lose your job and can we please just be adults about this?" Larry
sighs. Balki suddenly exclaims, "Popsicle sticks!" and grabs jar
filled with tongue depressors from one of the counters. Balki takes one
out of the jar and pops it into his mouth, sucking on it.
Balki, those are not popsicle
sticks," Larry explains, "Those are tongue depressors."
Balki takes the stick out of his mouth and says, "Well, of course they
are. Donít be ridiculous. After the popsicleís gone your tongue
gets depressed." Larry grabs the jar away from Balki and returns it
to the counter. A door opens on the other side of the room and Dr. Aldrich
enters with a woman. They are both wearing lab coats. "Hello,
Larry . . . Balki," Dr. Aldrich greets them. "Dr. Mike!"
Balki exclaims, running to hug him and inadvertently pushing the other end of
the tongue depressor into the doctorís mouth. "Well, are you ready
to get started?" Dr. Aldrich asks. "Dr. Mike, before we get
started I just got to hear your duck imitation!" Balki insists.
"My duck imitation?" Dr. Aldrich asks with confusion.
"Yeah," Balki says, "Cousin Larry says youíre a big
quack!" Larry looks shocked then pulls Balki away and pulls the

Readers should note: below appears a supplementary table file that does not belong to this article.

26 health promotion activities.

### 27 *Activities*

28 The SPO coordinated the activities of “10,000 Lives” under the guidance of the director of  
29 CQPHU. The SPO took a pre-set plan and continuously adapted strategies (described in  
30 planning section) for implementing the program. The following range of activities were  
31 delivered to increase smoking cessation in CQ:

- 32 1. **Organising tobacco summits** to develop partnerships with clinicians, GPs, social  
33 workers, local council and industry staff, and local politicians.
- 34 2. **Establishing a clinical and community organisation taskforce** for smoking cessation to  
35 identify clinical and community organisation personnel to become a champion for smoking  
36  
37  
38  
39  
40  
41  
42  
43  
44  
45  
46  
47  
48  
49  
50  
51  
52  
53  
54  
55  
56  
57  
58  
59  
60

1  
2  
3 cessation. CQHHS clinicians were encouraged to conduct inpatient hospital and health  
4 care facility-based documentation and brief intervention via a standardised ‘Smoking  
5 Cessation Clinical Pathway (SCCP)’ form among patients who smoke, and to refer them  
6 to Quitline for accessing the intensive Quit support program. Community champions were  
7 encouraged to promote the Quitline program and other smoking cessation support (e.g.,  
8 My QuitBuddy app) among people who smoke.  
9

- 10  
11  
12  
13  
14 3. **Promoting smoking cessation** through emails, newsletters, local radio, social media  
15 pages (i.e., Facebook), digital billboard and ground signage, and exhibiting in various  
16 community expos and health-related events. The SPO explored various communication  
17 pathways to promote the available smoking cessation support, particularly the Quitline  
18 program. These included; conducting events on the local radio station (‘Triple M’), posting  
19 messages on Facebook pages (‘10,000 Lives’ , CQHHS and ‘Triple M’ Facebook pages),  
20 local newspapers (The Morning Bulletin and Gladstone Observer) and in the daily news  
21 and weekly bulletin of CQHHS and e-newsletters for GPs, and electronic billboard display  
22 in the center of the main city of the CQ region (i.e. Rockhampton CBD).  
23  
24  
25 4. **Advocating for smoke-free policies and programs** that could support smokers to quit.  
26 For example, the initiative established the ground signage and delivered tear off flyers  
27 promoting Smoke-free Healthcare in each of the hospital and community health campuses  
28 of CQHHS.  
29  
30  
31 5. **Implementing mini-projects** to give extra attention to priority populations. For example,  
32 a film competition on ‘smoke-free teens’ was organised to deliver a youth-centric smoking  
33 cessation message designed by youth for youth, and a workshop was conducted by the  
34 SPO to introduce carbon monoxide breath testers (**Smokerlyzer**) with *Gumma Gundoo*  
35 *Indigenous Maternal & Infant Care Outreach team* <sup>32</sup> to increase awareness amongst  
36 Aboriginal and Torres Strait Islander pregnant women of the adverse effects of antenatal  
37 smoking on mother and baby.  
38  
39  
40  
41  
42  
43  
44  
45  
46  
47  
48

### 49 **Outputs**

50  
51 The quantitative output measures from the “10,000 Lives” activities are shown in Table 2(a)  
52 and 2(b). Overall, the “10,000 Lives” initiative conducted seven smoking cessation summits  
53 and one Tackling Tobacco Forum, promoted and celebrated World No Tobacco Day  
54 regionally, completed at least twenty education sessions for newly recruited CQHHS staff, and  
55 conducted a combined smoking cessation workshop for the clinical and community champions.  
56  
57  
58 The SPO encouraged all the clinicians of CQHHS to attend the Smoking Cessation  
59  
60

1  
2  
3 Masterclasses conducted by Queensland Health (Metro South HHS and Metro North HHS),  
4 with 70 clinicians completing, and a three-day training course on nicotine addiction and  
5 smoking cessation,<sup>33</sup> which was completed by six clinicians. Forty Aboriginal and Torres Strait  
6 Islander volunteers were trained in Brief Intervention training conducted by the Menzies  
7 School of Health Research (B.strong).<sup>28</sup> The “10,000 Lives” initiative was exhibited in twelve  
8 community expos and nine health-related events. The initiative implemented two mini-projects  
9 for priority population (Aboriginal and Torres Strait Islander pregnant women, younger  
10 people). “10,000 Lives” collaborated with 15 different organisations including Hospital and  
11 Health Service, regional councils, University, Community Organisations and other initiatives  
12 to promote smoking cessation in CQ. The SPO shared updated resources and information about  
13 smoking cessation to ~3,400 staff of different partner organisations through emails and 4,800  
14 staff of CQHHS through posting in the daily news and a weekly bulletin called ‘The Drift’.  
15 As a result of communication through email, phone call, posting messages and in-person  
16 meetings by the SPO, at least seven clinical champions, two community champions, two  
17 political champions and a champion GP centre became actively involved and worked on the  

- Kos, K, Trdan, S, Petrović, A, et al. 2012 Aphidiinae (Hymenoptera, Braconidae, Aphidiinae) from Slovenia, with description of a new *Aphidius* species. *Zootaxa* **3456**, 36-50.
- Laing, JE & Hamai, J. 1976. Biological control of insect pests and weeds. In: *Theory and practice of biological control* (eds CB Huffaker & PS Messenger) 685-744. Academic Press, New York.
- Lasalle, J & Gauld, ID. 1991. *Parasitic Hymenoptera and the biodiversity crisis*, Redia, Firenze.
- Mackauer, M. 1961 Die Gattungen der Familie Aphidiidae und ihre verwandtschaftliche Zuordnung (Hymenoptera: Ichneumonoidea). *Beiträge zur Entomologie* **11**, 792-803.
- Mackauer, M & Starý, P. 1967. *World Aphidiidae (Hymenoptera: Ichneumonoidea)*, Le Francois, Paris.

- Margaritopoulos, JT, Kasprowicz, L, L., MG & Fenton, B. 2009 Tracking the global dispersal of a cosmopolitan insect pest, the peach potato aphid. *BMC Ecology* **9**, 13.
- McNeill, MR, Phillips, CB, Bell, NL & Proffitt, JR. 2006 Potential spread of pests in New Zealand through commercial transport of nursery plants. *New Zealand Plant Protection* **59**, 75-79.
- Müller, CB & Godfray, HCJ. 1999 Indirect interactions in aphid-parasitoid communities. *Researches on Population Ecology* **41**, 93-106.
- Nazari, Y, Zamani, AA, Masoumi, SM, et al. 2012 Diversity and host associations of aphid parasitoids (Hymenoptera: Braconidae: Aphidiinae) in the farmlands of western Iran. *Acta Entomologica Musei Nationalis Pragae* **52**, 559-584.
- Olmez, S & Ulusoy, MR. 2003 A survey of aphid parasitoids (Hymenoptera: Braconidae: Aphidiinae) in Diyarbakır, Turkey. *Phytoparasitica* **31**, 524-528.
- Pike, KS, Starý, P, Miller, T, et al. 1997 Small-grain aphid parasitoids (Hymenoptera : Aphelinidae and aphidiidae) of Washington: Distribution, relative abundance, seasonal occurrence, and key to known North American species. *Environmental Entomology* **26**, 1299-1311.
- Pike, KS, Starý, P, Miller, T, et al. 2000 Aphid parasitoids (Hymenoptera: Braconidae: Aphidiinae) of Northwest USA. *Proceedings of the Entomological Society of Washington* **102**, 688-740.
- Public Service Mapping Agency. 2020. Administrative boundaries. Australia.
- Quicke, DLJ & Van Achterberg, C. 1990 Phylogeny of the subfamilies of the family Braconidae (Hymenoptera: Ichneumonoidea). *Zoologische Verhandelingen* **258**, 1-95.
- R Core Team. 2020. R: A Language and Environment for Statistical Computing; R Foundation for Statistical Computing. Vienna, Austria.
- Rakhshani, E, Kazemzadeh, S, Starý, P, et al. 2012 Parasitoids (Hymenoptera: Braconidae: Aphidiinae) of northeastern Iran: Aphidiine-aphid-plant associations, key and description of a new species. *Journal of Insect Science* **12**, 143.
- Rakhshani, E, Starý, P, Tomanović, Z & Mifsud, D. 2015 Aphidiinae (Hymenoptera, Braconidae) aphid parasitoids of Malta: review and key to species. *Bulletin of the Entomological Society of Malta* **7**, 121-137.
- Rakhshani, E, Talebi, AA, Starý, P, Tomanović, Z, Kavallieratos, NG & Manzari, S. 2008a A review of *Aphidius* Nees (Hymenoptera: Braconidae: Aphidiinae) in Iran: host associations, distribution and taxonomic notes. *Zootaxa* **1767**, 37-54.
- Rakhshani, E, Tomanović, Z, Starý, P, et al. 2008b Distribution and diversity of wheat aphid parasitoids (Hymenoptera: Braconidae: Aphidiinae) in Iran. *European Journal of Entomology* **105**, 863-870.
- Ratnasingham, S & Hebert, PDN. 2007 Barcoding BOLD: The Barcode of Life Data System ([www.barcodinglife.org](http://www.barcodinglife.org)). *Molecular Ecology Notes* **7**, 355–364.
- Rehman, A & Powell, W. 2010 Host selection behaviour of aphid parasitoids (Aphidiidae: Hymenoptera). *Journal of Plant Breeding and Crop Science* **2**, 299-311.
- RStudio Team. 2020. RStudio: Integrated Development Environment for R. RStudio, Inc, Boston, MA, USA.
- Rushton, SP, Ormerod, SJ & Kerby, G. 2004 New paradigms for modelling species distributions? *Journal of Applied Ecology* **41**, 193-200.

tongue depressor out of his mouth, hitting him on the head with it and growling,
"Will you stop it? Youíre . . . !" "Ow! Ow!"
Balki cries as Larry hits him. Larry then throws the depressor aside.
"He . . . heís a little nervous
about the test," Larry explains, pinching Balki and making him cry "Ow"
again. The female assistant steps forward and places a device around Balkiís
neck with hangs down on his chest. "Oh, look Cousin!" Balki
says, "Chest watches!" The woman starts to place electrodes on
Balkiís neck which lead to the small machine. "What these devices
will do is measure the amount of stress that your body is feeling," Dr.
Aldrich explains. "Please be seated," the woman instructs after
sheís placed the machine and electrodes on Larry as well. "Weíre
just gonna ask you to perform a few simple tasks," Dr. Aldrich explains as
Larry and Balki take a seat at the table, "Thereís no right or wrong way
to do them, no passing or failing. Just do your best." Dr.